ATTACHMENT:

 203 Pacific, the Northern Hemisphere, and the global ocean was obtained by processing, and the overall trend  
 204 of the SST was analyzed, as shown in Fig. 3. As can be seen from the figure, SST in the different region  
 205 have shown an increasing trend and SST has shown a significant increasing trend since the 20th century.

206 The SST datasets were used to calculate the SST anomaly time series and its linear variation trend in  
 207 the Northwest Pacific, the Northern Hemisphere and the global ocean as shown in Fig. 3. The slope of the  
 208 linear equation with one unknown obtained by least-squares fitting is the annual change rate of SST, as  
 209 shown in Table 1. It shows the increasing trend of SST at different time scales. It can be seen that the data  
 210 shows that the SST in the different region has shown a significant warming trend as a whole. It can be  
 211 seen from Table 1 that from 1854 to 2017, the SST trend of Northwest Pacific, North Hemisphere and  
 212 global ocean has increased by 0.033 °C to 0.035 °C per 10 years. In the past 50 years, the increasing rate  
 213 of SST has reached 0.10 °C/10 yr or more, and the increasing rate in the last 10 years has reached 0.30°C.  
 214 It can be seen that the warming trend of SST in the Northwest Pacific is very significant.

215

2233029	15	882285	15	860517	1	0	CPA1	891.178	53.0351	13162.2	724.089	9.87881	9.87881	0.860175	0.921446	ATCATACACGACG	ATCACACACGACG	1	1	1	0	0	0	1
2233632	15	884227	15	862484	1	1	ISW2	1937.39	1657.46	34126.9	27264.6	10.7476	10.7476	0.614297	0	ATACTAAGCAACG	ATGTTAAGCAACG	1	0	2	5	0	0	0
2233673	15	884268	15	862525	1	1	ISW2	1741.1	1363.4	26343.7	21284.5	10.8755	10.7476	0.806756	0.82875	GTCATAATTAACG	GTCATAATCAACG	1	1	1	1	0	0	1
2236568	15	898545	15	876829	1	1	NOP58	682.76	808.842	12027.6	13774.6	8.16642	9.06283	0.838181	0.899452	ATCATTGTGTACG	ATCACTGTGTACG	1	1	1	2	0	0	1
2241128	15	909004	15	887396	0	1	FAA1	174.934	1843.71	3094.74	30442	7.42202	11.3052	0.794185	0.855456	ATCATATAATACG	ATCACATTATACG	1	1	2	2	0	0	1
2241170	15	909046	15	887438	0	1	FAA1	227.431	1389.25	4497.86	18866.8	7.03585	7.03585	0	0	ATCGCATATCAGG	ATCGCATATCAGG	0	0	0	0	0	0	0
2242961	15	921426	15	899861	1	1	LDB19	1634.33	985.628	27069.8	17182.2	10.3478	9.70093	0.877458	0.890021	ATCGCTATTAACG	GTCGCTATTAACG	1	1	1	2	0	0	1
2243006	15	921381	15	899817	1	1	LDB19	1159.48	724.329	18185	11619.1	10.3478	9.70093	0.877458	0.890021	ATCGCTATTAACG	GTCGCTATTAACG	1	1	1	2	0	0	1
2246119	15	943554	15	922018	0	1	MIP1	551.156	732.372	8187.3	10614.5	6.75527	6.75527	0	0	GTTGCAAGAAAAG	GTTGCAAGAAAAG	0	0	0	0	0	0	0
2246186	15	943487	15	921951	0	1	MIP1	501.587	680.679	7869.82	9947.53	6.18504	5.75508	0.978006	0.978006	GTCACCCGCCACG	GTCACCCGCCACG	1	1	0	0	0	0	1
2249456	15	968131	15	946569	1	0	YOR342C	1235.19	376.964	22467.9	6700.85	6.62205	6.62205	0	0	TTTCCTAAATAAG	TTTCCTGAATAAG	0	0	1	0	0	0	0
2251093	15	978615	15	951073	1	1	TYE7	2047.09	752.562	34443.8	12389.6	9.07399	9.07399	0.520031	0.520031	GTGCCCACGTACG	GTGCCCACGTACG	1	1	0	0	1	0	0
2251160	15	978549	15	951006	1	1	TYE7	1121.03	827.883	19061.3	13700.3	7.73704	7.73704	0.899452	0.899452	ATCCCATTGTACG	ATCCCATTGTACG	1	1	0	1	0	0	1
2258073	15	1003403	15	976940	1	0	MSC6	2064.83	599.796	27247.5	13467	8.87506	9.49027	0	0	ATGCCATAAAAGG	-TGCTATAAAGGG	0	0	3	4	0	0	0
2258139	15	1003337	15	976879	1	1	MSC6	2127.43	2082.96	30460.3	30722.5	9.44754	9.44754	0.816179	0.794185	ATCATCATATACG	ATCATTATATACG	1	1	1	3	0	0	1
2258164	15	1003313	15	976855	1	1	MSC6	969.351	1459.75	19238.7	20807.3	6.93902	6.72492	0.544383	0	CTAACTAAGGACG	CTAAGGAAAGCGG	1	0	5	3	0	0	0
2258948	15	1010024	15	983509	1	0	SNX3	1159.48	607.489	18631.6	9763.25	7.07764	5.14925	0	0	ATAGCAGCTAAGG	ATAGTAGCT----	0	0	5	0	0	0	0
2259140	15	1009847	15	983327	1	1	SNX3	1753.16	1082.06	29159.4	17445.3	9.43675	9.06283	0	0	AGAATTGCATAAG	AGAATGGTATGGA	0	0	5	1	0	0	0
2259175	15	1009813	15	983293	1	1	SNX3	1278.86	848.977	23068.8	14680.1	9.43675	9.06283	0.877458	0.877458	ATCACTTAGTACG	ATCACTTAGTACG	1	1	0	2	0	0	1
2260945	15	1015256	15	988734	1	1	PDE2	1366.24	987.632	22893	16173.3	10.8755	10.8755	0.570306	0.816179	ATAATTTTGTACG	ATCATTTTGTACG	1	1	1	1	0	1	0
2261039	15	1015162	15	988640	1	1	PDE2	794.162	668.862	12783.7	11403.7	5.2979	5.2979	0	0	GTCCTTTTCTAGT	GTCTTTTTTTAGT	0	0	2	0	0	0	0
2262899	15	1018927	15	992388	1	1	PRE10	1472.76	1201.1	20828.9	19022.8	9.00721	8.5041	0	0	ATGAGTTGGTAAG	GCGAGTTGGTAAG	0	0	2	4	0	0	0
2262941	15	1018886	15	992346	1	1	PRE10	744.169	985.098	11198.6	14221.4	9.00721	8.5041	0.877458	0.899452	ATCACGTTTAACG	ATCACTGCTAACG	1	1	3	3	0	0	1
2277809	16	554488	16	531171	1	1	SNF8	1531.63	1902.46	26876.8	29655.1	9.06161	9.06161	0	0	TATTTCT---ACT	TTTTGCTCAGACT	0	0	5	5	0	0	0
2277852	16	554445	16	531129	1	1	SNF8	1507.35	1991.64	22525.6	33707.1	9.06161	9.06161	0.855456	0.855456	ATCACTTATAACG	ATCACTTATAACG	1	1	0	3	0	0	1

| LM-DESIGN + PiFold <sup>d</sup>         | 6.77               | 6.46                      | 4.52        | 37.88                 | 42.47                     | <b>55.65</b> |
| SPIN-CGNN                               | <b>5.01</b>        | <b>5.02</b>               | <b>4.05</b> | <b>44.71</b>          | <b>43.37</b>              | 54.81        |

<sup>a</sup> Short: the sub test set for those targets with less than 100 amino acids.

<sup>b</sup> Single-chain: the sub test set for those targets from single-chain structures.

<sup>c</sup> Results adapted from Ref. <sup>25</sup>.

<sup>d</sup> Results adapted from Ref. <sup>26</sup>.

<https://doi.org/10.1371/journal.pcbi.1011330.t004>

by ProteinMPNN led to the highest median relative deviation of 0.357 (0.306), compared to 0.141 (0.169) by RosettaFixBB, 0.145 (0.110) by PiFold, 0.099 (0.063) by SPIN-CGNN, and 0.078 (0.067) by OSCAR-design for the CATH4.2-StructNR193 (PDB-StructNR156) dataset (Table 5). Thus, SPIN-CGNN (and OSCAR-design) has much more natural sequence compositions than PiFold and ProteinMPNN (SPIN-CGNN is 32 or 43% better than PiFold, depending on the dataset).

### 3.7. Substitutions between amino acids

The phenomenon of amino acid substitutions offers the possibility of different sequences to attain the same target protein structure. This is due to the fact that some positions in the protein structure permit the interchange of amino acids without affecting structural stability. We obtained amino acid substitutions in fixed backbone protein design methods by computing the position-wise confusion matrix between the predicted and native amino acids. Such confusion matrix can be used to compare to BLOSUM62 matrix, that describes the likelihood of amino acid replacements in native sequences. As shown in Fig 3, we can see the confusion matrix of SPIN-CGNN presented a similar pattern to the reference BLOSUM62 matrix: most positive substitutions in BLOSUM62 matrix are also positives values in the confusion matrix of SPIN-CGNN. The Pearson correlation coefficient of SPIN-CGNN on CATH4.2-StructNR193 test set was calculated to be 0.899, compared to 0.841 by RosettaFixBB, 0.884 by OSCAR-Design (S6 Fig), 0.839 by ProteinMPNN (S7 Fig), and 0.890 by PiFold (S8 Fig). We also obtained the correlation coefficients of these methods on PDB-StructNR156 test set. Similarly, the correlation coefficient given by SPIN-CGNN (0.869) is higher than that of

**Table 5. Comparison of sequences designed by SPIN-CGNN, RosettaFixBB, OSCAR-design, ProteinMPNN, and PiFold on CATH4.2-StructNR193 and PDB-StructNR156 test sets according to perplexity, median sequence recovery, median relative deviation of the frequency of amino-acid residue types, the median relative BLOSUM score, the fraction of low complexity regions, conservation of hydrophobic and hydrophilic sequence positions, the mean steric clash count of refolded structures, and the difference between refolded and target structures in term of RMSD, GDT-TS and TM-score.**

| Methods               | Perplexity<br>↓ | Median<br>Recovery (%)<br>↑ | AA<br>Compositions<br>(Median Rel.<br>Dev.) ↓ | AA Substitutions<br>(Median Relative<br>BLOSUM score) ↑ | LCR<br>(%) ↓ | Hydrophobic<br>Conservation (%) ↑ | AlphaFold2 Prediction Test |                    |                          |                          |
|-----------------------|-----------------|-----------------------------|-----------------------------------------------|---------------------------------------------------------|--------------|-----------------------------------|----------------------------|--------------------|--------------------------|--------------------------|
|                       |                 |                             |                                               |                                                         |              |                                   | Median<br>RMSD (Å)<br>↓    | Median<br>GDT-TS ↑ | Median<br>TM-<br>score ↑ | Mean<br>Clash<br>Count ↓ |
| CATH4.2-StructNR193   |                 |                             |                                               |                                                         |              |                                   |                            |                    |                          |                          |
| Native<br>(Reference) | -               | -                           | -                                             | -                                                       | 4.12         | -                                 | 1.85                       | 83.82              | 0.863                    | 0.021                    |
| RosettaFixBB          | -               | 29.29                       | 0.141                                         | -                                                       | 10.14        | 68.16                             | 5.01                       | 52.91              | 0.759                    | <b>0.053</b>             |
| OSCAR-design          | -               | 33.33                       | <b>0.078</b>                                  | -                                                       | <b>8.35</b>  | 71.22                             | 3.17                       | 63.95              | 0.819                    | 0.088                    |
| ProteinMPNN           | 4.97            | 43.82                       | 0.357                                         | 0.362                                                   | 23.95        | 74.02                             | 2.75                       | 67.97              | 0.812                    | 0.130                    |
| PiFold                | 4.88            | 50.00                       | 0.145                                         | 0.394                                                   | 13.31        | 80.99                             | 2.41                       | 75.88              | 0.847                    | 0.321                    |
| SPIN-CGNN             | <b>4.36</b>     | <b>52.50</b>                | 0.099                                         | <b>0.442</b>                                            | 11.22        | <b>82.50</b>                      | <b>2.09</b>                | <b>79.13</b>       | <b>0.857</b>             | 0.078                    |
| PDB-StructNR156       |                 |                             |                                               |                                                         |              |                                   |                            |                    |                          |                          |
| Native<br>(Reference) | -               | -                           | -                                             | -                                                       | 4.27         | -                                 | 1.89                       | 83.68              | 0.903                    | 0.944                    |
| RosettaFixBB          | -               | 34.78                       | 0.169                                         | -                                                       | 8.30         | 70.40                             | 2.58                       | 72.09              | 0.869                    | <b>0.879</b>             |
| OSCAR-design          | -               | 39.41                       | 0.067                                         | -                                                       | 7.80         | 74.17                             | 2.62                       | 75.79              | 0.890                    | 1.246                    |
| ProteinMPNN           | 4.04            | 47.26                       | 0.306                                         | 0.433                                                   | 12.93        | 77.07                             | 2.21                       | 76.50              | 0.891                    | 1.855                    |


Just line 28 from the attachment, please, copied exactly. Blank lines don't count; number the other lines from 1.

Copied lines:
2258139	15	1003337	15	976879	1	1	MSC6	2127.43	2082.96	30460.3	30722.5	9.44754	9.44754	0.816179	0.794185	ATCATCATATACG	ATCATTATATACG	1	1	1	3	0	0	1